SPRING/BREAK Art Show
Old School, 233 Mott Street, NYC
March 6th, 7th, 8th, 9th 2014 – Daily open hours from 12:00-8:00 PM
March 4th, VIP and Press Previews, 2:00-9:00 PM – RVSP Here.
Maria Louisa Calandra
Shoplifter aka Hrafnhildur Arnardottir
curated by Kari Adelaide and Max Razdow
“Gilbert Jonas, the painter, believed in his star.” – Albert Camus, The Artist at Work
Home Studio proposes a space with simple borders: the works in Home Studio are all produced at home. Like Albert Camus’ 1957 text, The Artist at Work, this exhibition explores the distinction between art and life by questioning the division of the artist’s studio versus the home. Can the personal space of the home become an agent of creation rather than an adversary or mere subject? Can the harsh light of the studio be dimmed to moonlit walls, and there a greater project be served?
“‘What are you doing up there Jonas?’
‘Yes, for the moment.'”
The artists’ wide range of practices in Home Studio operate in a way that both “production studio” and “post-studio” working modes may not, manifesting dimly lit tenets of the self. The ideal of art creation lingering in the current, particularly challenging economy in America has come to ambulate in a nascent vortex between two poles. On one extreme, we find working modes which mimic principles of commercial production, tending toward large scale or reproducible objects built upon or in the shadow of the workshop, employing strategies or aesthetics of fabrication. Opposing this is the ideal of the non-studio or post-studio practice, where we find a radical formlessness which is positioned as oppositional: relational aesthetics, performative absences, and art engaging in pure-found milieus. For Camus’ character, Jonas, themes of fellowship and emptiness operated with an anxious, binary gravity in his practice, one which he strove to reconcile.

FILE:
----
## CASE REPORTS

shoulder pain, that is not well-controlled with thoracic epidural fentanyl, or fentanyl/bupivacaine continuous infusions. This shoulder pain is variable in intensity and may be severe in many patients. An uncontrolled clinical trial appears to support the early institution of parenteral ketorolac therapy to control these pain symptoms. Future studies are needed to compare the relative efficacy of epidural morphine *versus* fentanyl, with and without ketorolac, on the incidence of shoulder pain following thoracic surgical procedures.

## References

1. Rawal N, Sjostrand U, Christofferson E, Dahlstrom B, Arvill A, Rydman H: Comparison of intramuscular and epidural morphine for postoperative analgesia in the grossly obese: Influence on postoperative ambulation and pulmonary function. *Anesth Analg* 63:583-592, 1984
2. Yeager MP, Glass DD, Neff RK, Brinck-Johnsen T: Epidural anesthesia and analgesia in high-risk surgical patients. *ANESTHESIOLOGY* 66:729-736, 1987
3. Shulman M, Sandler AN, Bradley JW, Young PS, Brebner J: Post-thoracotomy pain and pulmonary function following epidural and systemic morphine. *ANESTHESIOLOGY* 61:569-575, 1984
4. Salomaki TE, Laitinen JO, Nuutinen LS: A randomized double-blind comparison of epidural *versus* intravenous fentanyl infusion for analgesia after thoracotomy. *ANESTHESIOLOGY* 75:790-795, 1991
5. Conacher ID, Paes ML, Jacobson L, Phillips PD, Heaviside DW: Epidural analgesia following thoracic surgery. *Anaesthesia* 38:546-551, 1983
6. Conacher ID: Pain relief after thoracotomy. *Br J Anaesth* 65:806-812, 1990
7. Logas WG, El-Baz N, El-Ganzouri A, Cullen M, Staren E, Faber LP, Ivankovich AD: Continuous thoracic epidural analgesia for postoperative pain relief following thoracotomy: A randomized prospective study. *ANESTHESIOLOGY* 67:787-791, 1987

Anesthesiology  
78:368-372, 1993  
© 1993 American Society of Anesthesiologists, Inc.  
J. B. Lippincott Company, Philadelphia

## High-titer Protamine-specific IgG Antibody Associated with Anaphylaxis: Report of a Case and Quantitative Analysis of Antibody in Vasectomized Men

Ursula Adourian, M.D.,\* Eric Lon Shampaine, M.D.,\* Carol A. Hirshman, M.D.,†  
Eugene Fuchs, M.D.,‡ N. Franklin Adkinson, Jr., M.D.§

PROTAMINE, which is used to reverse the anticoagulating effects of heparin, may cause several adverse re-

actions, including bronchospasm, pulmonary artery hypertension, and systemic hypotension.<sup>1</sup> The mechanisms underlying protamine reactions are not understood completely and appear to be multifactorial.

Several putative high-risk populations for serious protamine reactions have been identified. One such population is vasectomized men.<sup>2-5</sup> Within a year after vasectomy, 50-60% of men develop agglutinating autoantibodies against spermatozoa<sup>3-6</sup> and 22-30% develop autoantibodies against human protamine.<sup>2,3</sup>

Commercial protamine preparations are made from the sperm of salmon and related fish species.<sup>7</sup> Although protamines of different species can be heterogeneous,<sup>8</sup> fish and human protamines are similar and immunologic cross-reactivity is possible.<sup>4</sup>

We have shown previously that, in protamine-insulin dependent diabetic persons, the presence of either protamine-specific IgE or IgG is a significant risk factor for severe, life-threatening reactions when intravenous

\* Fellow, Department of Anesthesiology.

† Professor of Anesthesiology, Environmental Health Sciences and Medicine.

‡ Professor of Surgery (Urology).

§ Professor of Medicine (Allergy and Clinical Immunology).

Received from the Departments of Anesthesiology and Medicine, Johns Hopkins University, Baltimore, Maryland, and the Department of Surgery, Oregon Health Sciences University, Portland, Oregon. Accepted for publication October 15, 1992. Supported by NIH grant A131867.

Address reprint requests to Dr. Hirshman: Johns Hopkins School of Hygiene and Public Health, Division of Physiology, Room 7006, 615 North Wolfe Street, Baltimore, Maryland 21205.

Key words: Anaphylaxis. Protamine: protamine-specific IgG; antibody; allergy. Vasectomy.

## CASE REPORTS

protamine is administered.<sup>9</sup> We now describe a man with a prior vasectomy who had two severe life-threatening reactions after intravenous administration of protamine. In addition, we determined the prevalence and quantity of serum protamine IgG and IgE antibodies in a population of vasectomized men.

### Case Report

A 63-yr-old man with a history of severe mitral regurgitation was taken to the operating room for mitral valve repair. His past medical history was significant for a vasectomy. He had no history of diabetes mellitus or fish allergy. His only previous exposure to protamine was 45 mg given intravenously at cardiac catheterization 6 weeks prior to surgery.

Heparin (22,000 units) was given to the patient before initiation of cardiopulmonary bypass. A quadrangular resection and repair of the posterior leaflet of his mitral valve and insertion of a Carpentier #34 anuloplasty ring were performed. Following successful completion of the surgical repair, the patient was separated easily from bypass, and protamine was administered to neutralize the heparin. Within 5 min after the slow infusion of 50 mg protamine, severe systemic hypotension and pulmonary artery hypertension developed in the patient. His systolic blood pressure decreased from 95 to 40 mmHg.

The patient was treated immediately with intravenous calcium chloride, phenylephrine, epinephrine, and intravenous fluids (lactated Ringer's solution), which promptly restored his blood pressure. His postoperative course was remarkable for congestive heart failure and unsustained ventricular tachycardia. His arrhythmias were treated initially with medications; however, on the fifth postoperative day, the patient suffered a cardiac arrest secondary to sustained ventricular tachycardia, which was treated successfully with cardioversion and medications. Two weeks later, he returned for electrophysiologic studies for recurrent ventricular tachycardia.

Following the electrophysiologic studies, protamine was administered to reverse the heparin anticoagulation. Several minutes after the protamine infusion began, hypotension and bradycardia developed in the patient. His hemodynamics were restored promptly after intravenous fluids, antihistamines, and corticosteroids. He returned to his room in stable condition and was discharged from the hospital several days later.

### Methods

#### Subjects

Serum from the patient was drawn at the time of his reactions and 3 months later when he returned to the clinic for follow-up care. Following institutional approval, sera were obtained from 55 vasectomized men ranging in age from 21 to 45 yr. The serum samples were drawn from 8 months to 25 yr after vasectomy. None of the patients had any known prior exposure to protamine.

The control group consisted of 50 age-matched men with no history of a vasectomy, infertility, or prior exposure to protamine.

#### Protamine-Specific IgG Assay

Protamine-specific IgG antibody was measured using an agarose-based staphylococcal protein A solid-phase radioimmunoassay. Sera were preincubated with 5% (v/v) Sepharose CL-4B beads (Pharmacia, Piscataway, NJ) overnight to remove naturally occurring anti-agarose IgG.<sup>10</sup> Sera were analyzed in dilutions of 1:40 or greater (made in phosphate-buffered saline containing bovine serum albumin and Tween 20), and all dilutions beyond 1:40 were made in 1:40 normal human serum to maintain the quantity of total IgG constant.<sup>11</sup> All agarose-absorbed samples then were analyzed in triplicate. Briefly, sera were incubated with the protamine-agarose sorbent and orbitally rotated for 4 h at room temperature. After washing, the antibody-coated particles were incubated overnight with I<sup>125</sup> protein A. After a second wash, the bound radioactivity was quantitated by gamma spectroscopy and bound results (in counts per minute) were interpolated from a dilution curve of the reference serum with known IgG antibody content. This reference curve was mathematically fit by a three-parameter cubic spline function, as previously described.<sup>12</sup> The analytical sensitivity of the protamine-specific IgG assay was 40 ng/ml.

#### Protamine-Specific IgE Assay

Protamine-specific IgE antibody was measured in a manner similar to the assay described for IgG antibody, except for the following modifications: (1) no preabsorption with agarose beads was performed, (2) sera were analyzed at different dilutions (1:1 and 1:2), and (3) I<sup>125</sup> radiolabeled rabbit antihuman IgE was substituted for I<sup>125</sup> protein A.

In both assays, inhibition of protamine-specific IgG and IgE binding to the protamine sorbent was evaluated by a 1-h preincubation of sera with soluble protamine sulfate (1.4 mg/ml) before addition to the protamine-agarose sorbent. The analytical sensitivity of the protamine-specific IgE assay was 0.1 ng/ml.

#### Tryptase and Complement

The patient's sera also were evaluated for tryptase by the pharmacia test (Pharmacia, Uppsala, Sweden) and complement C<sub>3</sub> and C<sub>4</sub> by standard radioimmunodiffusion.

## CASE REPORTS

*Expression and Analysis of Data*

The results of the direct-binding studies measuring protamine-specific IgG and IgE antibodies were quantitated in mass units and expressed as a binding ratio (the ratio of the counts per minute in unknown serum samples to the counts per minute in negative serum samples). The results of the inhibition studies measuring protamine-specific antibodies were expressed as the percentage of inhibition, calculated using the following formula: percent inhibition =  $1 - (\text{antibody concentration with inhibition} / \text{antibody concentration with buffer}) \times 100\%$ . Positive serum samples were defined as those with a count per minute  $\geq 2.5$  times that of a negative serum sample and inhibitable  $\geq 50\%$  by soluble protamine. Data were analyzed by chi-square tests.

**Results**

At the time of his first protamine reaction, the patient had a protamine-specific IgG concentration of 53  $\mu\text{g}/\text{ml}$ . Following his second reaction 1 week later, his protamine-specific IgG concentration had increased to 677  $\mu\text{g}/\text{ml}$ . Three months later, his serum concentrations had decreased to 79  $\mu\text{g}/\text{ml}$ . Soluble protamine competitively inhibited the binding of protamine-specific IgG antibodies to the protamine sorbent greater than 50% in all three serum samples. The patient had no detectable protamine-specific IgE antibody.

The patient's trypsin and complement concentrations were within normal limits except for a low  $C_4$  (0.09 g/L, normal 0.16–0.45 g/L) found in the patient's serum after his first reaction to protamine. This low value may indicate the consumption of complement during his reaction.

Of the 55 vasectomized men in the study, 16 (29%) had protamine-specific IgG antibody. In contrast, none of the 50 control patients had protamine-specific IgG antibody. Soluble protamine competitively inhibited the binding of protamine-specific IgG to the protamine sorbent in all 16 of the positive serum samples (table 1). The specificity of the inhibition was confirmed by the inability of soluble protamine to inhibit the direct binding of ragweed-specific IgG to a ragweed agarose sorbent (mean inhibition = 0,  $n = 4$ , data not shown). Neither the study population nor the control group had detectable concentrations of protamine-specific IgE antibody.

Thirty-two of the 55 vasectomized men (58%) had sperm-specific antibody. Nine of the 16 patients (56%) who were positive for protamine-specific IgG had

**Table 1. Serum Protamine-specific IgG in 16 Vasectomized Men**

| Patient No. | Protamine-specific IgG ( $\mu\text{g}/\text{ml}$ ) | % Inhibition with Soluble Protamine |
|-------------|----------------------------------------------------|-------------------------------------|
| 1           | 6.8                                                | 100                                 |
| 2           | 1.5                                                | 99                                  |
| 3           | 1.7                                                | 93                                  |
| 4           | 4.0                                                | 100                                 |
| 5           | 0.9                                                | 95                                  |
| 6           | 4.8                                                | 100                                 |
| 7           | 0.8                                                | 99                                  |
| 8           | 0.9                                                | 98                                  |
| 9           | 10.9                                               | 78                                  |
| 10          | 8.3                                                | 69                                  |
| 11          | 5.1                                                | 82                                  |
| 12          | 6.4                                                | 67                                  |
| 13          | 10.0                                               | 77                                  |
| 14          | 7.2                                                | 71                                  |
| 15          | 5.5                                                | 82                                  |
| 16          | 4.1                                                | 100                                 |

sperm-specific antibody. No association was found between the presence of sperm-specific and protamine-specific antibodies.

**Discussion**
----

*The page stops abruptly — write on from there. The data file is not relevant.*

Home Studio proposes and collects samples of a vital new axiom which reveals an abounding desire for an amplification of the artist’s agency through a sense of turning inward, away from the fluorescent light and toward belief in a “personal star,” potentially pulling away from the collective anchors of ambition. In escaping both the harsh-lit studio as a zone of production, as well as the flux of assumed truth we are left with outside, we may turn to a nuanced plane — the plane of the hearth, the plane of the home, or the space that the self lives in — one that is familiar, human and personal, yet finds ways to reach outward in scope, highlighting and widening the boundaries of a profoundly temporal and experiential space.
For more information, please contact The Sphinx at email@example.com or SPRING/BREAK.